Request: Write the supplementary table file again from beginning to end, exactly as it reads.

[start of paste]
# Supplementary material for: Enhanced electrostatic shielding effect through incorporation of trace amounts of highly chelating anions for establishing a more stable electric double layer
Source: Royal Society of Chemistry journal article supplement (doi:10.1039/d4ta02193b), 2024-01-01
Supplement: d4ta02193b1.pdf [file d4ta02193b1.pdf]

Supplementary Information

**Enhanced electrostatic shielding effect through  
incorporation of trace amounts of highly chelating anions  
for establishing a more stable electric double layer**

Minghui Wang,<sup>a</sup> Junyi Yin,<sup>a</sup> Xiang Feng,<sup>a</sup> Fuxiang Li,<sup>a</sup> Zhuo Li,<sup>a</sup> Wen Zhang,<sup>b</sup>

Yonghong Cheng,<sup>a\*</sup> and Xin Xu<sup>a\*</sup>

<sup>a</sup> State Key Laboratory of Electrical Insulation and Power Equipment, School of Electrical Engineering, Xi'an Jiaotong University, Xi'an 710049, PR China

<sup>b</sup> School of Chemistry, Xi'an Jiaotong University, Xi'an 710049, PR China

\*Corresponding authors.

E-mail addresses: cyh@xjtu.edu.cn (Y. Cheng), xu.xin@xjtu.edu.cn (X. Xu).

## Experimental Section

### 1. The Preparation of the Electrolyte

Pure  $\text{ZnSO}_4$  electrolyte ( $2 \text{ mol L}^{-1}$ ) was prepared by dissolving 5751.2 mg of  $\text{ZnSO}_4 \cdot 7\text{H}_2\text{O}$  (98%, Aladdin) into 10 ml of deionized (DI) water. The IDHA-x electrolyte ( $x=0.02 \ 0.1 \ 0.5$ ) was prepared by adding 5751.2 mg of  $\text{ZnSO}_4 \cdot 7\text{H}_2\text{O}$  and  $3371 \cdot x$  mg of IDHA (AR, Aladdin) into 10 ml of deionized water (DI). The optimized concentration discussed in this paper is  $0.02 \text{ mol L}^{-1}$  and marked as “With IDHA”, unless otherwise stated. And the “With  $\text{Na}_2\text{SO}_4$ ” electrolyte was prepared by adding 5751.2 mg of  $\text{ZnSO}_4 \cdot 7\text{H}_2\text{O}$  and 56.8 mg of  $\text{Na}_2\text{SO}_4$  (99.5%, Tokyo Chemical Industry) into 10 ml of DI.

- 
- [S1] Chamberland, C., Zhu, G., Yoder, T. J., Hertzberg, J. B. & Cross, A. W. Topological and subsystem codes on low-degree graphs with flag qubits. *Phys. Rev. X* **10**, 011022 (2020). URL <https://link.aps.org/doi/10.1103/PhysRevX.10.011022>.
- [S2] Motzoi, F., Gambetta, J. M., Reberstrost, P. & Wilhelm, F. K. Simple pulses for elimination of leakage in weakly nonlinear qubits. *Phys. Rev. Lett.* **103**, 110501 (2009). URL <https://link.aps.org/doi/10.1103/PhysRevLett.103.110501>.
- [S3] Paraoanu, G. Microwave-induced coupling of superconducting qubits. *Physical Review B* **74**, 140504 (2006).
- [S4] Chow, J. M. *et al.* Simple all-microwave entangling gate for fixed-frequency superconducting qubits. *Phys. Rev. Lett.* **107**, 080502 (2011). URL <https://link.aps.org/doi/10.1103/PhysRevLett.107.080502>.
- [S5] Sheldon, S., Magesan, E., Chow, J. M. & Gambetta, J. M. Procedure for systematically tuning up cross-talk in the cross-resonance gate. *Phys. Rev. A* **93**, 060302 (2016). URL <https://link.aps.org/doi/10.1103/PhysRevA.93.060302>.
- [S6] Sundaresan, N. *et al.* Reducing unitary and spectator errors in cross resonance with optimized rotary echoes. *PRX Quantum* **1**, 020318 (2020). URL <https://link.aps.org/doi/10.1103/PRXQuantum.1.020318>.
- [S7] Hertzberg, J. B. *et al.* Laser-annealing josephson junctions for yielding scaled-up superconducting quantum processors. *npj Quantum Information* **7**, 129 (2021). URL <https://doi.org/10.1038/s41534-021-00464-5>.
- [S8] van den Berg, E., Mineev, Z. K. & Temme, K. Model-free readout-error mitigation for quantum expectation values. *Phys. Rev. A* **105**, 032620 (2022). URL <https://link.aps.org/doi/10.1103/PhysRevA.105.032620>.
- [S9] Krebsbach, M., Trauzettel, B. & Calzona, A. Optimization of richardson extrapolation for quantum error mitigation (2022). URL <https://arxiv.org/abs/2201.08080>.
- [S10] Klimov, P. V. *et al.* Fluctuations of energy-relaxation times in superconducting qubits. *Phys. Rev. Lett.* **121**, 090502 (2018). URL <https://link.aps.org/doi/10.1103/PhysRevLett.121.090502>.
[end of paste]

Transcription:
# Supplementary material for: Enhanced electrostatic shielding effect through incorporation of trace amounts of highly chelating anions for establishing a more stable electric double layer
Source: Royal Society of Chemistry journal article supplement (doi:10.1039/d4ta02193b), 2024-01-01
Supplement: d4ta02193b1.pdf [file d4ta02193b1.pdf]

Supplementary Information

**Enhanced electrostatic shielding effect through  
incorporation of trace amounts of highly chelating anions  
for establishing a more stable electric double layer**

Minghui Wang,<sup>a</sup> Junyi Yin,<sup>a</sup> Xiang Feng,<sup>a</sup> Fuxiang Li,<sup>a</sup> Zhuo Li,<sup>a</sup> Wen Zhang,<sup>b</sup>

Yonghong Cheng,<sup>a\*</sup> and Xin Xu<sup>a\*</sup>

<sup>a</sup> State Key Laboratory of Electrical Insulation and Power Equipment, School of Electrical Engineering, Xi'an Jiaotong University, Xi'an 710049, PR China

<sup>b</sup> School of Chemistry, Xi'an Jiaotong University, Xi'an 710049, PR China

\*Corresponding authors.

E-mail addresses: cyh@xjtu.edu.cn (Y. Cheng), xu.xin@xjtu.edu.cn (X. Xu).

## Experimental Section

### 1. The Preparation of the Electrolyte

Pure  $\text{ZnSO}_4$  electrolyte ( $2 \text{ mol L}^{-1}$ ) was prepared by dissolving 5751.2 mg of  $\text{ZnSO}_4 \cdot 7\text{H}_2\text{O}$  (98%, Aladdin) into 10 ml of deionized (DI) water. The IDHA-x electrolyte ( $x=0.02 \ 0.1 \ 0.5$ ) was prepared by adding 5751.2 mg of  $\text{ZnSO}_4 \cdot 7\text{H}_2\text{O}$  and  $3371 \cdot x$  mg of IDHA (AR, Aladdin) into 10 ml of deionized water (DI). The optimized concentration discussed in this paper is  $0.02 \text{ mol L}^{-1}$  and marked as “With IDHA”, unless otherwise stated. And the “With  $\text{Na}_2\text{SO}_4$ ” electrolyte was prepared by adding 5751.2 mg of  $\text{ZnSO}_4 \cdot 7\text{H}_2\text{O}$  and 56.8 mg of  $\text{Na}_2\text{SO}_4$  (99.5%, Tokyo Chemical Industry) into 10 ml of DI.

- 
- [S1] Chamberland, C., Zhu, G., Yoder, T. J., Hertzberg, J. B. & Cross, A. W. Topological and subsystem codes on low-degree graphs with flag qubits. *Phys. Rev. X* **10**, 011022 (2020). URL <https://link.aps.org/doi/10.1103/PhysRevX.10.011022>.
- [S2] Motzoi, F., Gambetta, J. M., Reberstrost, P. & Wilhelm, F. K. Simple pulses for elimination of leakage in weakly nonlinear qubits. *Phys. Rev. Lett.* **103**, 110501 (2009). URL <https://link.aps.org/doi/10.1103/PhysRevLett.103.110501>.
- [S3] Paraoanu, G. Microwave-induced coupling of superconducting qubits. *Physical Review B* **74**, 140504 (2006).
- [S4] Chow, J. M. *et al.* Simple all-microwave entangling gate for fixed-frequency superconducting qubits. *Phys. Rev. Lett.* **107**, 080502 (2011). URL <https://link.aps.org/doi/10.1103/PhysRevLett.107.080502>.
- [S5] Sheldon, S., Magesan, E., Chow, J. M. & Gambetta, J. M. Procedure for systematically tuning up cross-talk in the cross-resonance gate. *Phys. Rev. A* **93**, 060302 (2016). URL <https://link.aps.org/doi/10.1103/PhysRevA.93.060302>.
- [S6] Sundaresan, N. *et al.* Reducing unitary and spectator errors in cross resonance with optimized rotary echoes. *PRX Quantum* **1**, 020318 (2020). URL <https://link.aps.org/doi/10.1103/PRXQuantum.1.020318>.
- [S7] Hertzberg, J. B. *et al.* Laser-annealing josephson junctions for yielding scaled-up superconducting quantum processors. *npj Quantum Information* **7**, 129 (2021). URL <https://doi.org/10.1038/s41534-021-00464-5>.
- [S8] van den Berg, E., Mineev, Z. K. & Temme, K. Model-free readout-error mitigation for quantum expectation values. *Phys. Rev. A* **105**, 032620 (2022). URL <https://link.aps.org/doi/10.1103/PhysRevA.105.032620>.
- [S9] Krebsbach, M., Trauzettel, B. & Calzona, A. Optimization of richardson extrapolation for quantum error mitigation (2022). URL <https://arxiv.org/abs/2201.08080>.
- [S10] Klimov, P. V. *et al.* Fluctuations of energy-relaxation times in superconducting qubits. *Phys. Rev. Lett.* **121**, 090502 (2018). URL <https://link.aps.org/doi/10.1103/PhysRevLett.121.090502>.